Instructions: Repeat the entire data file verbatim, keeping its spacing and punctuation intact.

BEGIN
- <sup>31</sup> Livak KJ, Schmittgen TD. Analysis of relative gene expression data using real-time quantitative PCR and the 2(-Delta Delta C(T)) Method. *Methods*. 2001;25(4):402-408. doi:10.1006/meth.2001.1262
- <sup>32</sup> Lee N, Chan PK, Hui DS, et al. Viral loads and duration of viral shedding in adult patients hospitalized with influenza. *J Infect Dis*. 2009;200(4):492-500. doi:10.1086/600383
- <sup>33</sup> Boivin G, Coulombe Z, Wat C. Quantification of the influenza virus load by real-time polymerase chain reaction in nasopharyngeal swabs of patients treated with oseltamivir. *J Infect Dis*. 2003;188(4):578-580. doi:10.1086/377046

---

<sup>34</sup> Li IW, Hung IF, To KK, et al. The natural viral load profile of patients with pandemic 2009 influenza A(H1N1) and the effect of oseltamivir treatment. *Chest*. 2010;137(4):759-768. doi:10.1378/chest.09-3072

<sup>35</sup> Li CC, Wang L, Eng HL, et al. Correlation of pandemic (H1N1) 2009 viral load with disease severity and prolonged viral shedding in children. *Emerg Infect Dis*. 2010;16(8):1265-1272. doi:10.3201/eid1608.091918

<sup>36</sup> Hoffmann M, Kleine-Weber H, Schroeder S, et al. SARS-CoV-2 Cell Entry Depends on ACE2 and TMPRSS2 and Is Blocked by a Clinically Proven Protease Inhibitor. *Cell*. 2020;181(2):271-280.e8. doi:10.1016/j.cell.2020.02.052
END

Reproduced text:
- <sup>31</sup> Livak KJ, Schmittgen TD. Analysis of relative gene expression data using real-time quantitative PCR and the 2(-Delta Delta C(T)) Method. *Methods*. 2001;25(4):402-408. doi:10.1006/meth.2001.1262
- <sup>32</sup> Lee N, Chan PK, Hui DS, et al. Viral loads and duration of viral shedding in adult patients hospitalized with influenza. *J Infect Dis*. 2009;200(4):492-500. doi:10.1086/600383
- <sup>33</sup> Boivin G, Coulombe Z, Wat C. Quantification of the influenza virus load by real-time polymerase chain reaction in nasopharyngeal swabs of patients treated with oseltamivir. *J Infect Dis*. 2003;188(4):578-580. doi:10.1086/377046

---

<sup>34</sup> Li IW, Hung IF, To KK, et al. The natural viral load profile of patients with pandemic 2009 influenza A(H1N1) and the effect of oseltamivir treatment. *Chest*. 2010;137(4):759-768. doi:10.1378/chest.09-3072

<sup>35</sup> Li CC, Wang L, Eng HL, et al. Correlation of pandemic (H1N1) 2009 viral load with disease severity and prolonged viral shedding in children. *Emerg Infect Dis*. 2010;16(8):1265-1272. doi:10.3201/eid1608.091918

<sup>36</sup> Hoffmann M, Kleine-Weber H, Schroeder S, et al. SARS-CoV-2 Cell Entry Depends on ACE2 and TMPRSS2 and Is Blocked by a Clinically Proven Protease Inhibitor. *Cell*. 2020;181(2):271-280.e8. doi:10.1016/j.cell.2020.02.052